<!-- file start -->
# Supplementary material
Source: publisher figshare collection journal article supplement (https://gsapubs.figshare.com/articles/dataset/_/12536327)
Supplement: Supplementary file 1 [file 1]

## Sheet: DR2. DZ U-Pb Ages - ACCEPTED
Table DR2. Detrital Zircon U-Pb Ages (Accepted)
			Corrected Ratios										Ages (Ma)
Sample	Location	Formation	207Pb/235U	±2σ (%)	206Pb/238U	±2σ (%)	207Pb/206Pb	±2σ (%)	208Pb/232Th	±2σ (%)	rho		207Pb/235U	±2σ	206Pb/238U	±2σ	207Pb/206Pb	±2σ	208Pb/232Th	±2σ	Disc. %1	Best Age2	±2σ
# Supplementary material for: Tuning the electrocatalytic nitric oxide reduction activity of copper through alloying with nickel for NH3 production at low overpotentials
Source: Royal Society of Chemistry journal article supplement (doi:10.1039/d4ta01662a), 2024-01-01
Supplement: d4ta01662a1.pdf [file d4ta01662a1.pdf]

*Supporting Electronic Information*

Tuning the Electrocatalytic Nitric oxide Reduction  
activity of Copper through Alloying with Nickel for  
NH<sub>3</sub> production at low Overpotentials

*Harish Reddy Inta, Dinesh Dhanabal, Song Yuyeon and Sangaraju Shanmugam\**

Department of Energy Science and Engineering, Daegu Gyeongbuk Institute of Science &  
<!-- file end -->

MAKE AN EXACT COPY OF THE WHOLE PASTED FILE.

# Supplementary material
Source: publisher figshare collection journal article supplement (https://gsapubs.figshare.com/articles/dataset/_/12536327)
Supplement: Supplementary file 1 [file 1]

## Sheet: DR2. DZ U-Pb Ages - ACCEPTED
Table DR2. Detrital Zircon U-Pb Ages (Accepted)
			Corrected Ratios										Ages (Ma)
Sample	Location	Formation	207Pb/235U	±2σ (%)	206Pb/238U	±2σ (%)	207Pb/206Pb	±2σ (%)	208Pb/232Th	±2σ (%)	rho		207Pb/235U	±2σ	206Pb/238U	±2σ	207Pb/206Pb	±2σ	208Pb/232Th	±2σ	Disc. %1	Best Age2	±2σ
# Supplementary material for: Tuning the electrocatalytic nitric oxide reduction activity of copper through alloying with nickel for NH3 production at low overpotentials
Source: Royal Society of Chemistry journal article supplement (doi:10.1039/d4ta01662a), 2024-01-01
Supplement: d4ta01662a1.pdf [file d4ta01662a1.pdf]

*Supporting Electronic Information*

Tuning the Electrocatalytic Nitric oxide Reduction  
activity of Copper through Alloying with Nickel for  
NH<sub>3</sub> production at low Overpotentials

*Harish Reddy Inta, Dinesh Dhanabal, Song Yuyeon and Sangaraju Shanmugam\**

Department of Energy Science and Engineering, Daegu Gyeongbuk Institute of Science &  